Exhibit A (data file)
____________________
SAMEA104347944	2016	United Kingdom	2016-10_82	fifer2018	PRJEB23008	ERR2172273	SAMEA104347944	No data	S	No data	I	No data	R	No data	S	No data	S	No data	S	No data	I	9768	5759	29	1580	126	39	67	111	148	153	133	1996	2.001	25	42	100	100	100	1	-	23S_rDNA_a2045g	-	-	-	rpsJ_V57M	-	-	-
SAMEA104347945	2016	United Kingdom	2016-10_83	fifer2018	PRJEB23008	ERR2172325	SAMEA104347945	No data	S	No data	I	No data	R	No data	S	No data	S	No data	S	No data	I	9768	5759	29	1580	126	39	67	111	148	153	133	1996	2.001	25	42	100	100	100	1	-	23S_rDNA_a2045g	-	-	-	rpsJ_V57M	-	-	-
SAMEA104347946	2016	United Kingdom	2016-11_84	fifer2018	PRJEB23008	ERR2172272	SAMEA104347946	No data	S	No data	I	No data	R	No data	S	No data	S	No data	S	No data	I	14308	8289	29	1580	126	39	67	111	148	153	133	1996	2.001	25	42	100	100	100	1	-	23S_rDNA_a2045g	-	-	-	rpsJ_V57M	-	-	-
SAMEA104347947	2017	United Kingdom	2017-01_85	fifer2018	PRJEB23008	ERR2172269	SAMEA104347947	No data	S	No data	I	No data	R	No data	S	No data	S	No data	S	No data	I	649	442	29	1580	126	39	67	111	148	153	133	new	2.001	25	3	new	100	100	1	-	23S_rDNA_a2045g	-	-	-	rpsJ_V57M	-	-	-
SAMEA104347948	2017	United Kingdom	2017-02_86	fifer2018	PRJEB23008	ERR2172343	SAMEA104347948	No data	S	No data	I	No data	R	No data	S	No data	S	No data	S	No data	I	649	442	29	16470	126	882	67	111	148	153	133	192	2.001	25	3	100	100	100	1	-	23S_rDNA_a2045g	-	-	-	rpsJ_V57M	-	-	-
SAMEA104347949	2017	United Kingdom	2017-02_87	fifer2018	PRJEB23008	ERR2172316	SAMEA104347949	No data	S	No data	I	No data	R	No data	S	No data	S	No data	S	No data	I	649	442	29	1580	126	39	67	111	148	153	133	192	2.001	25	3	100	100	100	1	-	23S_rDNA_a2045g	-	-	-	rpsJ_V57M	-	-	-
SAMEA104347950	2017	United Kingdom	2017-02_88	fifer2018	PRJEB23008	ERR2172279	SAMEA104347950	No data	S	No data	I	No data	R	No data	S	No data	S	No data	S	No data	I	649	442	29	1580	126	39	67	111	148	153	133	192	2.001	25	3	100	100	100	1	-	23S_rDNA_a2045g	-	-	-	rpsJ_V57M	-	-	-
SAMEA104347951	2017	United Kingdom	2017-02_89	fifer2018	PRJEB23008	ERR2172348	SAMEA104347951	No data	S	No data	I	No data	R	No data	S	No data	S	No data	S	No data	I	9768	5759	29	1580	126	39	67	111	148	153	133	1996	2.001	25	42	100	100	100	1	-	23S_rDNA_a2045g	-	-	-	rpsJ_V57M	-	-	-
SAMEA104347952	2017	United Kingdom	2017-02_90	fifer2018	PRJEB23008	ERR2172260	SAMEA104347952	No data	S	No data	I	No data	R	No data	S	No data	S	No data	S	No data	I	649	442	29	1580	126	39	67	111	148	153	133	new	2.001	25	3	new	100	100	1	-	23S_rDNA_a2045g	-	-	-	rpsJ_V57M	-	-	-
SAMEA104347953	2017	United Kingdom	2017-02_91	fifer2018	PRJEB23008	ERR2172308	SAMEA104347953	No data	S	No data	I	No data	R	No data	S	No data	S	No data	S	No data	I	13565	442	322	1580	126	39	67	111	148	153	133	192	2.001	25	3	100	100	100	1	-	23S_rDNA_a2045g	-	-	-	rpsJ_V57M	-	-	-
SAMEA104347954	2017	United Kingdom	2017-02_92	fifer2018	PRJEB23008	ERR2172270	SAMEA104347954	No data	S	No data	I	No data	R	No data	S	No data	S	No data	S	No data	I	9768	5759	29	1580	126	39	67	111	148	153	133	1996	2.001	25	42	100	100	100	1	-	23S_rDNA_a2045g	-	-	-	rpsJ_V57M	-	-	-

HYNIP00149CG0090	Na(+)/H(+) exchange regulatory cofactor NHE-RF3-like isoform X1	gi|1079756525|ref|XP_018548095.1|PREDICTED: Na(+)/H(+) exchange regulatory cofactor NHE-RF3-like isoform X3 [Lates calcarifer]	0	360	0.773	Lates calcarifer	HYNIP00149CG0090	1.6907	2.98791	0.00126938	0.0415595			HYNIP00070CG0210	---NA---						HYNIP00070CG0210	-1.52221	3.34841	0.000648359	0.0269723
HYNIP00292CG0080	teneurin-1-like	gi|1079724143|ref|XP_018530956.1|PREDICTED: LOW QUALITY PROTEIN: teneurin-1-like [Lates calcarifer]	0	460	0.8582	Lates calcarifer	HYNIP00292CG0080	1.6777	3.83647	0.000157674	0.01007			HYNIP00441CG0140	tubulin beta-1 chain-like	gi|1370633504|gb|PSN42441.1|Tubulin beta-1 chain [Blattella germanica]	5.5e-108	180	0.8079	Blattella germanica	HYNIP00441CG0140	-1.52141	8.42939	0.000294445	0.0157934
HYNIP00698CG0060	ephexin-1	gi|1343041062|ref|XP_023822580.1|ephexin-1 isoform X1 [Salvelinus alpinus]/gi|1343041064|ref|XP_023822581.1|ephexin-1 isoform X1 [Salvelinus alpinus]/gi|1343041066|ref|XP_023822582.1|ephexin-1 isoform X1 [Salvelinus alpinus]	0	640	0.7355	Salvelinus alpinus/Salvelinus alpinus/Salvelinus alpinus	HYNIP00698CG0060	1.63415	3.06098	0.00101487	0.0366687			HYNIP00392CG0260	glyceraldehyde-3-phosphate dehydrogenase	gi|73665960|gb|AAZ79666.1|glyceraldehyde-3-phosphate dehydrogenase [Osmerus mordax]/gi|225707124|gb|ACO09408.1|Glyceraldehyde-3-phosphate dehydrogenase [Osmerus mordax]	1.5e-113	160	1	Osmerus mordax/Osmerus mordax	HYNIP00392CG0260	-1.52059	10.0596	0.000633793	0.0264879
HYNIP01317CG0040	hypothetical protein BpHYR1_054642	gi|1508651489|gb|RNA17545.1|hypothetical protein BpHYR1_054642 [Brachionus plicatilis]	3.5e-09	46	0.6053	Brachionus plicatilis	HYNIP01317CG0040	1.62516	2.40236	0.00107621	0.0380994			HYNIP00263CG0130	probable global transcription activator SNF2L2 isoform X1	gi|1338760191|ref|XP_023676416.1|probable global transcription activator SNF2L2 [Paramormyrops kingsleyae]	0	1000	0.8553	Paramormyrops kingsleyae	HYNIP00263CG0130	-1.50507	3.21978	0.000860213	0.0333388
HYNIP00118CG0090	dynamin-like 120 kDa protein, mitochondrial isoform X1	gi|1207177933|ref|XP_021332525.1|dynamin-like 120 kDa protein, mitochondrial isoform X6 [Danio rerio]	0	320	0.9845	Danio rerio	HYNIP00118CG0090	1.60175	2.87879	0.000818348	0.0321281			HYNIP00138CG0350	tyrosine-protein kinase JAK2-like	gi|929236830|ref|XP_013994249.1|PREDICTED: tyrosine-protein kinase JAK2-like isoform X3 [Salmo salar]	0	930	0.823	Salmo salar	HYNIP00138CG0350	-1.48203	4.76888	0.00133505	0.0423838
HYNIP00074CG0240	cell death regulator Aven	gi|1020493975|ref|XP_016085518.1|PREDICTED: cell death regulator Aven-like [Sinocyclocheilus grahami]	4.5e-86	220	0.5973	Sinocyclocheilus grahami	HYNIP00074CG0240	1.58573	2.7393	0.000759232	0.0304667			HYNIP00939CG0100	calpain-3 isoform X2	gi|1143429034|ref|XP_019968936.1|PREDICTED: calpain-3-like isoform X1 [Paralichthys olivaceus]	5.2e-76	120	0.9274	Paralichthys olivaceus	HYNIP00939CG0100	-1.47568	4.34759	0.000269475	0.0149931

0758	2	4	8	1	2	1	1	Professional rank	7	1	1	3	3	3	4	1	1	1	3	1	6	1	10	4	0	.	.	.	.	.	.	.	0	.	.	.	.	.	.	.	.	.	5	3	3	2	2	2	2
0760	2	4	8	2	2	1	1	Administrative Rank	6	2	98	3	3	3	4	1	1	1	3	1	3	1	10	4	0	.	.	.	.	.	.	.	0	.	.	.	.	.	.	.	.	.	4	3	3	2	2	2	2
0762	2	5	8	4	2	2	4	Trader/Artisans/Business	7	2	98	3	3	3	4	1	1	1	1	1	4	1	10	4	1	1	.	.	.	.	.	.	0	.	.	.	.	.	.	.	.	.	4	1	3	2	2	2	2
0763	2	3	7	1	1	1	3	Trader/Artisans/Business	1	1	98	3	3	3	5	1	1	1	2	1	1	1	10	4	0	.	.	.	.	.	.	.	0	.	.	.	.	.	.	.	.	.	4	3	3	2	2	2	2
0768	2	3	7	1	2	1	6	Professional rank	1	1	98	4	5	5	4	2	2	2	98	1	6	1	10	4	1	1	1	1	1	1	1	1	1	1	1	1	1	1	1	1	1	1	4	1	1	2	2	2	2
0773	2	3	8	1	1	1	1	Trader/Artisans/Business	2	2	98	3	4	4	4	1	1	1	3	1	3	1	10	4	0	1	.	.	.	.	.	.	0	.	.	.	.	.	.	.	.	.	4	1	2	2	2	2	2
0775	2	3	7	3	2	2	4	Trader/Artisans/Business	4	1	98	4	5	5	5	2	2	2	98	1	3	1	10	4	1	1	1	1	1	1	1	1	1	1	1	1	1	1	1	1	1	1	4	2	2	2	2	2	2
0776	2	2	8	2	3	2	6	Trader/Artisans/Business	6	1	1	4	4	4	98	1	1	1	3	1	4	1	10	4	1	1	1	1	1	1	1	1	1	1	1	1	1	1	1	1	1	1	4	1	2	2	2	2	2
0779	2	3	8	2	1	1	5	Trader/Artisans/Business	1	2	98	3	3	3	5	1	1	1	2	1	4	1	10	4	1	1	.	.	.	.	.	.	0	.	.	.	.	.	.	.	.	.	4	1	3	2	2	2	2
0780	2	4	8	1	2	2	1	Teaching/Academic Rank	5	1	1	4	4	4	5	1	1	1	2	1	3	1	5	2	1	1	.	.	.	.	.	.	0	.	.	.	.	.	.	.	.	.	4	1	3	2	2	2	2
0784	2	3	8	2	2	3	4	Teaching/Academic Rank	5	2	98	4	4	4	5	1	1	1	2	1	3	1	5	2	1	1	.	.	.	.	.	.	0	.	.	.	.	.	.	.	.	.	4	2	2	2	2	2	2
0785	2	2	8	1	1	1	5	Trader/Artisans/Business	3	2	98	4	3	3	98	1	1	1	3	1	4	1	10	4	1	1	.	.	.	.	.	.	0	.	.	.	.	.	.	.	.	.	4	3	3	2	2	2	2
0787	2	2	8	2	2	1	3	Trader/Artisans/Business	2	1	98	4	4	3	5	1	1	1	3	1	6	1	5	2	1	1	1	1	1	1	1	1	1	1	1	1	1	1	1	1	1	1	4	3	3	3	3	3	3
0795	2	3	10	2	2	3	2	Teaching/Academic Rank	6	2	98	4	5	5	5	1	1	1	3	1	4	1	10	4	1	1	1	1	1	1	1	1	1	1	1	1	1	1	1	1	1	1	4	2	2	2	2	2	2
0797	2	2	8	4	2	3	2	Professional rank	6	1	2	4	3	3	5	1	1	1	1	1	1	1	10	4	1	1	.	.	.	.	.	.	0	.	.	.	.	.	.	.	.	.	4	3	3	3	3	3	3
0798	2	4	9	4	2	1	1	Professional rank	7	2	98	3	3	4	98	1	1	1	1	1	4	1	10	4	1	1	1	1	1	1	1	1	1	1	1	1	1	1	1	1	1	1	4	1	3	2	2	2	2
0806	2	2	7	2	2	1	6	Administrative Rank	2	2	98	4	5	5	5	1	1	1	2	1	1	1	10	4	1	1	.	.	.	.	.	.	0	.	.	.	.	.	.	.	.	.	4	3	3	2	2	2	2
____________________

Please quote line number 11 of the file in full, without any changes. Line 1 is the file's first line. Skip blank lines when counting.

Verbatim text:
SAMEA104347954	2017	United Kingdom	2017-02_92	fifer2018	PRJEB23008	ERR2172270	SAMEA104347954	No data	S	No data	I	No data	R	No data	S	No data	S	No data	S	No data	I	9768	5759	29	1580	126	39	67	111	148	153	133	1996	2.001	25	42	100	100	100	1	-	23S_rDNA_a2045g	-	-	-	rpsJ_V57M	-	-	-